Citing New Testament passages, which sometimes appear at the bottom of the screen, the show’s panel tends to focus on what Jesus, in some versions of the Bible, called the Great Tribulation that will happen before to his second coming.
—— On a show last September, as the people of Houston were coping with the catastrophe caused by Hurricane Harvey, Bakker said that “this flood is from God. It’s a judgment on America somehow.”
—— Sadhu Sudar Selvaraj, a former Hindu who converted to Christianity, told Bakker and his audience last December that Jesus had appeared to him to say that Pope Francis is the “false prophet” mentioned in the Bible’s Book of Revelation.
—— Bakker said God willed Republican Donald Trump’s election as president. “This was a miracle, not by man — God called them to do it.”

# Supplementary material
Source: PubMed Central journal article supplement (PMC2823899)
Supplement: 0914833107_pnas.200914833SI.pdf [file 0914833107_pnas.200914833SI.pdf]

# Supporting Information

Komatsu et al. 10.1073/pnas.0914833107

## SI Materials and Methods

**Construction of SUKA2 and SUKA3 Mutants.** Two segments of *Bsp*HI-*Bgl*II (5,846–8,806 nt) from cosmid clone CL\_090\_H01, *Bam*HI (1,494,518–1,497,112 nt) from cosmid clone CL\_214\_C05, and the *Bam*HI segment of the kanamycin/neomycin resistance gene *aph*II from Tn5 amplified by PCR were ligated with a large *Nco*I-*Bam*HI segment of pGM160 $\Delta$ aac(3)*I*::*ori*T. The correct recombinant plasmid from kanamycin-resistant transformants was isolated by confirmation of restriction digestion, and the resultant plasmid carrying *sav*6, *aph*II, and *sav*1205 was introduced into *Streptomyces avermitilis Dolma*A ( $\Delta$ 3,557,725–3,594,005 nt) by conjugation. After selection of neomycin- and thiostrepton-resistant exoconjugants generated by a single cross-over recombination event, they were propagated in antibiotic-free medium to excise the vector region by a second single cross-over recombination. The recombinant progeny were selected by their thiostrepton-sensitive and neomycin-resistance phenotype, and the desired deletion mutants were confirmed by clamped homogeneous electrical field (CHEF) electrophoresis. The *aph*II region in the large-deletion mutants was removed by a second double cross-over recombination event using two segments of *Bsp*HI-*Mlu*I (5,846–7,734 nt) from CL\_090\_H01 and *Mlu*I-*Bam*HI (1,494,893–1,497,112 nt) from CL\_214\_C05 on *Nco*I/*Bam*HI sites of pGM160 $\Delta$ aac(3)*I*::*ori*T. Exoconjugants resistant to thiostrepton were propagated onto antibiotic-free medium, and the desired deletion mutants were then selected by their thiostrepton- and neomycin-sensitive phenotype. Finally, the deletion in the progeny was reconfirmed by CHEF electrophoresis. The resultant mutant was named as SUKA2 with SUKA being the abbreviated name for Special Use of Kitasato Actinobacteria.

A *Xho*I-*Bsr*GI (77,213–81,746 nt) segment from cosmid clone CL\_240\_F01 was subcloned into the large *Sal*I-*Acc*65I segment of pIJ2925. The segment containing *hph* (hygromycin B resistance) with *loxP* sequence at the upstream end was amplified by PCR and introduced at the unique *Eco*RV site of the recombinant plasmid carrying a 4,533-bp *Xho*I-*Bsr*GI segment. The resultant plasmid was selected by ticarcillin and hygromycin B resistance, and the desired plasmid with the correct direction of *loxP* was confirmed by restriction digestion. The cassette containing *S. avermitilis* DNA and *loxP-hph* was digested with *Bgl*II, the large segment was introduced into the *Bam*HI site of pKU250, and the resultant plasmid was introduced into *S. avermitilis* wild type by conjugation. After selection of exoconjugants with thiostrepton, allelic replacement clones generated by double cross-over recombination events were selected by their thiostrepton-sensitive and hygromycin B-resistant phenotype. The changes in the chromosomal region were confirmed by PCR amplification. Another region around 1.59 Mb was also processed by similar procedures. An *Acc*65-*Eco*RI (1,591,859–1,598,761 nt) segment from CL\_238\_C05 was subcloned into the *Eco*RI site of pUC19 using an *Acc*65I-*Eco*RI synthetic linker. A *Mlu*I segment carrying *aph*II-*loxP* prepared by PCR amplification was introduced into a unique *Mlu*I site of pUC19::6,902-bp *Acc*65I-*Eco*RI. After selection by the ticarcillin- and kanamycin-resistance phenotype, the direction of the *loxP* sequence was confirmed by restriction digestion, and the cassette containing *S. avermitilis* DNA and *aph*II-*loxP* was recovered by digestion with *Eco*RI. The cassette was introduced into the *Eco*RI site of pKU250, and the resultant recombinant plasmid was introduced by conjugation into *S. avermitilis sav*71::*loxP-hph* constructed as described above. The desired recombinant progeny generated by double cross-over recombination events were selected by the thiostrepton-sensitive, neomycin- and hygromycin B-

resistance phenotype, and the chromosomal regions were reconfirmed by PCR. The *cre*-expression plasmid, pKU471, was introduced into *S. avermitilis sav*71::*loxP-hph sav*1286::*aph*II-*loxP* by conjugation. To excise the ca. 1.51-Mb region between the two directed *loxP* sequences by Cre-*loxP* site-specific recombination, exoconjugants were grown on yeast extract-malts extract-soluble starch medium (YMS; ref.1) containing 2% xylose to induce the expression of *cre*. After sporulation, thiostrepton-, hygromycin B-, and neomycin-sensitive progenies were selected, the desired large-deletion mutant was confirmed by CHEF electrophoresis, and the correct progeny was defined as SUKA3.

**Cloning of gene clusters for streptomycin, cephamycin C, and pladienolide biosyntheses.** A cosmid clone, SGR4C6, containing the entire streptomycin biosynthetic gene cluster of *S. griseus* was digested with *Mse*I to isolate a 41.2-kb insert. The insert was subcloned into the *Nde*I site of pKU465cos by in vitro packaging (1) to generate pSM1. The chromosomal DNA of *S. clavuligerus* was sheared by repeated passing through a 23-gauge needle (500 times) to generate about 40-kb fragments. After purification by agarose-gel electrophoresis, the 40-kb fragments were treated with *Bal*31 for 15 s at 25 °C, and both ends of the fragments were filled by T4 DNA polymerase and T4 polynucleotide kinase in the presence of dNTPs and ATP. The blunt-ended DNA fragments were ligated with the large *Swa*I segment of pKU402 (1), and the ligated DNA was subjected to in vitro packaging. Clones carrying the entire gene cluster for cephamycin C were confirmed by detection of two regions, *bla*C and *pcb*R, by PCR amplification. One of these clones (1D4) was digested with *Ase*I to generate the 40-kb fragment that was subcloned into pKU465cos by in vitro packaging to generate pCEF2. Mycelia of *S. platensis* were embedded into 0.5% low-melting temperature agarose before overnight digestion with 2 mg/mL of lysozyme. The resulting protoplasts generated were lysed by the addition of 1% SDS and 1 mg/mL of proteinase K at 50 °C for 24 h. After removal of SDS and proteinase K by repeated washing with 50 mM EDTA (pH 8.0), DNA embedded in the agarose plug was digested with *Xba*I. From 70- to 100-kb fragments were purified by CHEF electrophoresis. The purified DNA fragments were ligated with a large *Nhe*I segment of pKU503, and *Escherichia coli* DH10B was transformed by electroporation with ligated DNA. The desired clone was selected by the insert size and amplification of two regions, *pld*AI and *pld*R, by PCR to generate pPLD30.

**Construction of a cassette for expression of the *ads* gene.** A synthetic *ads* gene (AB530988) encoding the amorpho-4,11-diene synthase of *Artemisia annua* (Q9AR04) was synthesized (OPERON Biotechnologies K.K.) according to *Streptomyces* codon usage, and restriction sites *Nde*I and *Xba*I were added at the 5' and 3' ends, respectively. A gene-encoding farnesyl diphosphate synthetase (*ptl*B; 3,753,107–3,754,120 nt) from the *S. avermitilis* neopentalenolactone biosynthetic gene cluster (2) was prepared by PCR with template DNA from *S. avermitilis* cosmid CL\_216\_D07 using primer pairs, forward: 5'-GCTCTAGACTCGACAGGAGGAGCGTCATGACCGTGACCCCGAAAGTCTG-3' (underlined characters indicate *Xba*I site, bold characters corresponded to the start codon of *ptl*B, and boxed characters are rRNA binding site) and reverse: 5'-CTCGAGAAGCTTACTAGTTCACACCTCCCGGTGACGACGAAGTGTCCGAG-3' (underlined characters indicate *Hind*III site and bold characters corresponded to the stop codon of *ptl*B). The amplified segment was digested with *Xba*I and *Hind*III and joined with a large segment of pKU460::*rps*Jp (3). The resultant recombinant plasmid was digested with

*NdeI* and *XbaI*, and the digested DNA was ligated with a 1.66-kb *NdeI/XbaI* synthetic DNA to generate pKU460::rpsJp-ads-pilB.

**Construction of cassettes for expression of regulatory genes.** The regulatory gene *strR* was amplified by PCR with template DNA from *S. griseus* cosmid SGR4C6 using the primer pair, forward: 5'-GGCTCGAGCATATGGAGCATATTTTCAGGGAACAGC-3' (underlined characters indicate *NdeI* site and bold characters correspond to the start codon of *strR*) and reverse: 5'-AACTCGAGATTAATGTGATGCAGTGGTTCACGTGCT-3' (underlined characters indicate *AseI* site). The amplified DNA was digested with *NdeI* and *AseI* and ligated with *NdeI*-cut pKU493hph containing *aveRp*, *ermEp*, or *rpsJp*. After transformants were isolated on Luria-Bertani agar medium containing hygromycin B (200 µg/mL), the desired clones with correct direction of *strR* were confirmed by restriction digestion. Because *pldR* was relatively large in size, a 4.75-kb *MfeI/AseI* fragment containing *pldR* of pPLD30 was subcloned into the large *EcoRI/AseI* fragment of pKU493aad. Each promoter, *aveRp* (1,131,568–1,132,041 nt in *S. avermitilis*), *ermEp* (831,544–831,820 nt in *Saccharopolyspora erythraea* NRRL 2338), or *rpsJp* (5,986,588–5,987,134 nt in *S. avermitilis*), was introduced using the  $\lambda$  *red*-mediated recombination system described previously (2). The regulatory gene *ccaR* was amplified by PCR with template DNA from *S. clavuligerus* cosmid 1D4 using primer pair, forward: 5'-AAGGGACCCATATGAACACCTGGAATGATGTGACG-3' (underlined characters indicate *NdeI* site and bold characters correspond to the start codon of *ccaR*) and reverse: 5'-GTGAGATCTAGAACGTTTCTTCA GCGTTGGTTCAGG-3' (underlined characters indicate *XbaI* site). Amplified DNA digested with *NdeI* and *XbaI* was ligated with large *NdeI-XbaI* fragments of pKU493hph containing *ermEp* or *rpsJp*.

—— Bakker even saw God’s divine hand in Democratic candidate Hillary Clinton’s physical collapse, because of illness, just after she attended a 9/11 memorial in New York City. “9/11 was probably the most stern warning God ever gave to America,” Bakker said on his show. “There’s a collapse coming that’s much bigger than (Clinton’s) collapse. … It’s time to be ready.”
To help you get ready, Bakker launched a second venture last November: a faith-based home shopping network that’s also based at Morningside. It, too, has survivalist supplies, ranging from 21-Day Detox Packages to 4-Way Powered Emergency Radios.
They’re calling the new TV and online store “PTL Shop.”
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Bakker’s books, including “Prosperity and the Coming Apocalypse,” are sold at Morningside’s General Store, where cashier Bonnie Byram, 67, who moved from Tennessee a few months ago, counts herself a Bakker admirer.